March 21, 2017

Trump: “I will Come After You” Threatens Lawmakers Not to Vote “No”





 

President Trump went to Capitol Hill on Tuesday morning to sell the House GOP leadership’s plan to overhaul the health-care system as the legislation races toward an expected vote on the House floor by the end of the week. Assuring Republicans that they would gain seats if they passed the bill, the president told Rep. Mark Meadows (R-N.C.), the chairman of the House Freedom Caucus, to stand up and take some advice.

“I’m gonna come after you, but I know I won’t have to, because I know you’ll vote ‘yes,’ ” Trump said, according to several Republican lawmakers who attended the meeting. “Honestly, a loss is not acceptable, folks.”

But after the meeting, Meadows told reporters that the president had not made the sale, that the call-out was good-natured and that conservative holdouts would continue to press for a tougher bill.

“I’m still a ‘no,’ ” he said. “I’ve had no indication that any of my Freedom Caucus colleagues have switched their votes.”

Trump is putting his considerable weight behind a proposal crafted by House Speaker Paul D. Ryan (R-Wis.) that would represent a big win for the president and the speaker if the House approves it.
 
“We made a promise and now it is the time to keep that promise,” Ryan said. “If we keep that promise, the people will reward us. If we don’t keep our promise, it will be very hard to manage this.”

Ryan played down the chance that Freedom Caucus members could band together to bring down the measure. He insisted that conservatives should be happy that many of their demands, such as limiting the expansion of Medicaid and including work requirements for those who do receive coverage from the program for the poorest Americans, were part of his legislation. Ryan insisted that conservatives will realize that pushing for more significant changes, such as ending payments to states that accepted the Medicaid expansion, could jeopardize the legislation’s chances of passing in the Senate.

“If you get 85 percent of what you want, that’s pretty darn good,” Ryan said. “We don’t want to put something in this bill that the Senate is telling us is fatal.”


But the House vote is still expected to be narrow, and the package faces skepticism from conservatives and moderates in the Senate after a Congressional Budget Office study found that 14 million fewer people would have insurance by 2018 under the GOP proposal.

Trump arrived on the Hill to address a private meeting of House Republicans shortly after 9 a.m. Tuesday, bringing with him many of his top White House aides. They included senior adviser Steven K. Bannon, Chief of Staff Reince Priebus and senior policy adviser Stephen Miller.

After the meeting, he predicted that the legislation will pass the House.

“We’re gonna have a real winner,” he told reporters. “There are going to be adjustments but I think we’ll get the vote on Thursday.”
 
Inside the room, however, Trump did not get into much detail about what needed to be adjusted for the bill to win approval. He focused more on the political risks and rewards of passage, telling Republicans that they “kept passing and passing and passing” repeal bills under President Obama and would be punished if they did not make good on their campaign promises.

“We won’t have these crowds if we don’t get this done,” he said, referring to his Monday night rally in Kentucky.

“If we get this done, and tax reform, he believes we pick up 10 seats in the Senate and we add to our majority in the House,” said Rep. Chris Collins (R-N.Y.), the first member of Congress who endorsed Trump’s presidential bid. “If we don’t get it done, we lose the House and the Senate.”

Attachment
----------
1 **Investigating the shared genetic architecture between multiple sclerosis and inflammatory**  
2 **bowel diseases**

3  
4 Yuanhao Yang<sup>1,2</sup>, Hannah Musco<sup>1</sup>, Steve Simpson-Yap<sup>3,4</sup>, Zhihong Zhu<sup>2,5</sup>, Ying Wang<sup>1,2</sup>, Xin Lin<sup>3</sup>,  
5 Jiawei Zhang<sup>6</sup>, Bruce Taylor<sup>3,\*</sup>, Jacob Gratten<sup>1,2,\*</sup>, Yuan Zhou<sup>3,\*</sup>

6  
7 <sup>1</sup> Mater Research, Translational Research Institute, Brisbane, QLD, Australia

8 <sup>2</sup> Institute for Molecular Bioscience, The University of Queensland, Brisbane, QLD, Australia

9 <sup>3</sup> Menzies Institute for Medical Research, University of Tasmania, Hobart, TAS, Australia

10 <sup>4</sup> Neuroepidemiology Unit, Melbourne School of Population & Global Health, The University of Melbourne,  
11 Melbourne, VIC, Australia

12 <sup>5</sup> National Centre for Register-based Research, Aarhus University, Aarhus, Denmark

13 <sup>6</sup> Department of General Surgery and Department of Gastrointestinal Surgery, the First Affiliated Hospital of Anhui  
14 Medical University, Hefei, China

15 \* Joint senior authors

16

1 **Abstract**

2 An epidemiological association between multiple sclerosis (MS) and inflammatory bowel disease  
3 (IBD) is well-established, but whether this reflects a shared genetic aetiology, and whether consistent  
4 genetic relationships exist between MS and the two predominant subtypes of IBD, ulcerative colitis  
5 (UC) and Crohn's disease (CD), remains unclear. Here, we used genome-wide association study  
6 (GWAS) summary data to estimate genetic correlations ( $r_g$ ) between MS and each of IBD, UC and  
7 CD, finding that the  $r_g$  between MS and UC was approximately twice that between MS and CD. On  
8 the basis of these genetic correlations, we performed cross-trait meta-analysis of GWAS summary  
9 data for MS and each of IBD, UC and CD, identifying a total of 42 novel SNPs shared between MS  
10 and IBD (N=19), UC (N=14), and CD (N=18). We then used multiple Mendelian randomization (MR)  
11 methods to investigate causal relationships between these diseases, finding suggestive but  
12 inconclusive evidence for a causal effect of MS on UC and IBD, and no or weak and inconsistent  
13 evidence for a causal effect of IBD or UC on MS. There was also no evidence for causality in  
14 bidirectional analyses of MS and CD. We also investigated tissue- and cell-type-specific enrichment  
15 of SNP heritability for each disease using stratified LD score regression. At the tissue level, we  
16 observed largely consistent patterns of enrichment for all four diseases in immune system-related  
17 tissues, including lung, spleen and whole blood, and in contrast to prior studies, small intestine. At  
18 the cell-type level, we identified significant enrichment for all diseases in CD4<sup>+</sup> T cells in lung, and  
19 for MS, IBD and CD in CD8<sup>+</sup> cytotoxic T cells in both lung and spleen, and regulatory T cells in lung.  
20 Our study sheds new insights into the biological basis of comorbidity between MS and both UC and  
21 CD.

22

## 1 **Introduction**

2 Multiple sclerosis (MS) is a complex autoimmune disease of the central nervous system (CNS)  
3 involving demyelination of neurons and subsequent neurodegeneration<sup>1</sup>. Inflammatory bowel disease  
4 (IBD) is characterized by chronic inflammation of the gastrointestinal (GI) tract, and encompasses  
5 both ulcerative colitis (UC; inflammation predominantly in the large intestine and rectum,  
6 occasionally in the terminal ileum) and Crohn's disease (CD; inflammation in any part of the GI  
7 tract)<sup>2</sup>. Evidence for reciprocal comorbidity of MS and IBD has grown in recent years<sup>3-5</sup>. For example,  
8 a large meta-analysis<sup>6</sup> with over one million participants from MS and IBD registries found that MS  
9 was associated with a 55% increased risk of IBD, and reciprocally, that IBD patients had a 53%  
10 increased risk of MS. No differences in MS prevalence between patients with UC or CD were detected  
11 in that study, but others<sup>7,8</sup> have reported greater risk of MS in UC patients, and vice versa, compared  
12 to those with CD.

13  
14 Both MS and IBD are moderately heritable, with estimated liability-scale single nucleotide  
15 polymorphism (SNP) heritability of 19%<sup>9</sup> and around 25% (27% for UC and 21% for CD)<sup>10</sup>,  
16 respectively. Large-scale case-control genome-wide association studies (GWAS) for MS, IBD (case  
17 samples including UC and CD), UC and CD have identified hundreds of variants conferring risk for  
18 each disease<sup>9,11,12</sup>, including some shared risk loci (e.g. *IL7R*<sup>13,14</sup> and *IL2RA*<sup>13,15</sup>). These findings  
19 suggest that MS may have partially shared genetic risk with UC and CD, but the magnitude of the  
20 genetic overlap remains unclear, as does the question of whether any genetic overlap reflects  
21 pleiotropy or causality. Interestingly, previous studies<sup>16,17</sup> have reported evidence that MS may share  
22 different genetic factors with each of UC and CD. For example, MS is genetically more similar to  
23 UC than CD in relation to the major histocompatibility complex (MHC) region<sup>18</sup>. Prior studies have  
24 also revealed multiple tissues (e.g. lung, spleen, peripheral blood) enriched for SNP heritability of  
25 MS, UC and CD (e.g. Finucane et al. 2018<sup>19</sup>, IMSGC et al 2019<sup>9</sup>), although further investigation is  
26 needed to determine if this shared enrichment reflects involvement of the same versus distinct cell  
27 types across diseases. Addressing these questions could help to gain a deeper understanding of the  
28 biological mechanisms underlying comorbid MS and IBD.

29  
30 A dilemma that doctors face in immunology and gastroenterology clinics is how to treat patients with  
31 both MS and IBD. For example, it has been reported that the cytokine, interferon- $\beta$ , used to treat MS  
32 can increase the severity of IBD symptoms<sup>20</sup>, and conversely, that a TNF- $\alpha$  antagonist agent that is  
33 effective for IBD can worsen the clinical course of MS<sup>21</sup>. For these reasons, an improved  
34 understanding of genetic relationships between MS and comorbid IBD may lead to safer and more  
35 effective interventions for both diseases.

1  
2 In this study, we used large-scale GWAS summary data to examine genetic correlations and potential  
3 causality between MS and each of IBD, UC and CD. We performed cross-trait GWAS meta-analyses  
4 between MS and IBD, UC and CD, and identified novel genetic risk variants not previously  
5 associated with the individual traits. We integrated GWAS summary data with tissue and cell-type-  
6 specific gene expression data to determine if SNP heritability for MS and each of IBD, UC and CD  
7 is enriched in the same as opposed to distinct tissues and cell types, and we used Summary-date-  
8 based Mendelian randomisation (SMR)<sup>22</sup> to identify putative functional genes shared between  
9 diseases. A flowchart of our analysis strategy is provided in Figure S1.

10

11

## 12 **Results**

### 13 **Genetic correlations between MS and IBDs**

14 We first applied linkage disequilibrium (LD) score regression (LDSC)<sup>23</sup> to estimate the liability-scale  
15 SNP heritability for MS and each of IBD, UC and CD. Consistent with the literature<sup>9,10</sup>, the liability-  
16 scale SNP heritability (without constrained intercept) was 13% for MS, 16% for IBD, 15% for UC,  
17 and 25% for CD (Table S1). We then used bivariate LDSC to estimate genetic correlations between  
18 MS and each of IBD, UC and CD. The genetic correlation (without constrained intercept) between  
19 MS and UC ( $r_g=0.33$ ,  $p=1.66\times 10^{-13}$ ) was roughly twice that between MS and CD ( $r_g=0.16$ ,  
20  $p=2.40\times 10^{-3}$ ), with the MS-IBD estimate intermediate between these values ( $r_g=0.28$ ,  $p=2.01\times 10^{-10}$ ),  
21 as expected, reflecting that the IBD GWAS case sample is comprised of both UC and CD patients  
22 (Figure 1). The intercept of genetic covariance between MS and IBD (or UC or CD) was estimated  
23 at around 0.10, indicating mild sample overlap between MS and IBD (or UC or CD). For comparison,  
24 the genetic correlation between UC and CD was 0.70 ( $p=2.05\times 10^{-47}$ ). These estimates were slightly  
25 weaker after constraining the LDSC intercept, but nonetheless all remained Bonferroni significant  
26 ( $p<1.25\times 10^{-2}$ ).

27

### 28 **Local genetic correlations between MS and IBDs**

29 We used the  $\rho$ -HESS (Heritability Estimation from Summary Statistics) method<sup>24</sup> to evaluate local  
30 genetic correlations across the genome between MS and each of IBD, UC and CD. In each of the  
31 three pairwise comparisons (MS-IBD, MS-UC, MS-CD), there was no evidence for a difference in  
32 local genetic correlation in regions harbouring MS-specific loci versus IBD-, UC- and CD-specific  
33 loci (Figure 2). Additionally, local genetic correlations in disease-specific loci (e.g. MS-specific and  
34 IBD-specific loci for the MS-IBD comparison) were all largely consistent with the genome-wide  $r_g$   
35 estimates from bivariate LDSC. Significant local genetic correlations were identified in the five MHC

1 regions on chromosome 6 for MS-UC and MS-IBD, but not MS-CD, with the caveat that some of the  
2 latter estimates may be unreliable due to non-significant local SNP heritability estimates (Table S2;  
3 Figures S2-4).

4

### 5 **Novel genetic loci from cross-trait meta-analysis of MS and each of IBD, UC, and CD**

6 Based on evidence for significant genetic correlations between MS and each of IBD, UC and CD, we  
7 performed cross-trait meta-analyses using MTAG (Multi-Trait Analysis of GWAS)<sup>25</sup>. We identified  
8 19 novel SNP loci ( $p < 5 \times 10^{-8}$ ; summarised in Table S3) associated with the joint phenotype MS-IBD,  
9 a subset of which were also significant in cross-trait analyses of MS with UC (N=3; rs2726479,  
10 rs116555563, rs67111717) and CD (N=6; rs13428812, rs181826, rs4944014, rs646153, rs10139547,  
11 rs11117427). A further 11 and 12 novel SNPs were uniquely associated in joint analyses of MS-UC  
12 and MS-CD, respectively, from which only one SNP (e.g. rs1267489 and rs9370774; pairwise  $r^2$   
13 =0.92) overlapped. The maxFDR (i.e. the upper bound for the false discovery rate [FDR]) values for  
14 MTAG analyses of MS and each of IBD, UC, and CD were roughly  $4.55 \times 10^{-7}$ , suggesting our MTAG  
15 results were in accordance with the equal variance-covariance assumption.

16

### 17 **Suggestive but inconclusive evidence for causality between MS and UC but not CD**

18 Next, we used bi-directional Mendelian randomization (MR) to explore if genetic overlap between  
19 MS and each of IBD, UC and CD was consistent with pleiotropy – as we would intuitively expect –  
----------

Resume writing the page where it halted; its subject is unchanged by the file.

The president’s sales push comes after Ryan and other House leaders released key proposed changes to the legislation on Tuesday night that they hope will help secure the bill’s passage.

The tweaks addressed numerous GOP concerns, including the flexibility the package would give states to administer their Medicaid programs and the amount of aid it would offer older Americans to buy insurance. The changes are the product of two weeks of negotiations that stretched from the Capitol to the White House to Trump’s Florida resort.


The bill’s proponents also appeared to overcome a major obstacle Monday after a key group of hard-line conservatives declined to take a formal position against the bill, known as the American Health Care Act.

The House Freedom Caucus has threatened for weeks to tank the legislation, arguing that it would not do enough to undo the seven-year-old Affordable Care Act. Their neutrality gives the legislation a better chance of passage: If the group of about three dozen hard-right GOP members uniformly opposed the bill, it could block its passage.

Their decision not to act as a bloc frees House leaders and White House officials to persuade individual Freedom Caucus members to support the measure — a process that Meadows, the caucus chairman, said is ­underway.

“They’re already whipping with a whip that’s about 10 feet long and five feet wide,” he said Monday. “I’m trying to let my members vote the way that their constituents would want them to vote. . . . I think they’re all very aware of the political advantages and disadvantages.”

Some of the changes announced Monday were made to placate conservatives, such as accelerating the expiration of the ACA’s taxes and further restricting the federal Medicaid program. But a major push was made to win moderate voters, including a maneuver that House leaders said would allow the Senate to beef up tax credits for older Americans whose premiums could increase greatly under the GOP plan.

There were signs Monday that the bill had growing support among the moderate wing of the House GOP. Rep. Tom MacArthur (N.J.), who had voted against the leadership in an early procedural vote on the health-care legislation, said that he was “satisfied enough that I will support the bill.”

MacArthur said he was assured that the measure would do more for older and disabled Americans covered under Medicaid and that an additional $85 billion in aid would be directed to those ages 50 to 65.

“That’s a $150 billion change in this bill to help the poor and those who are up in years,” he said.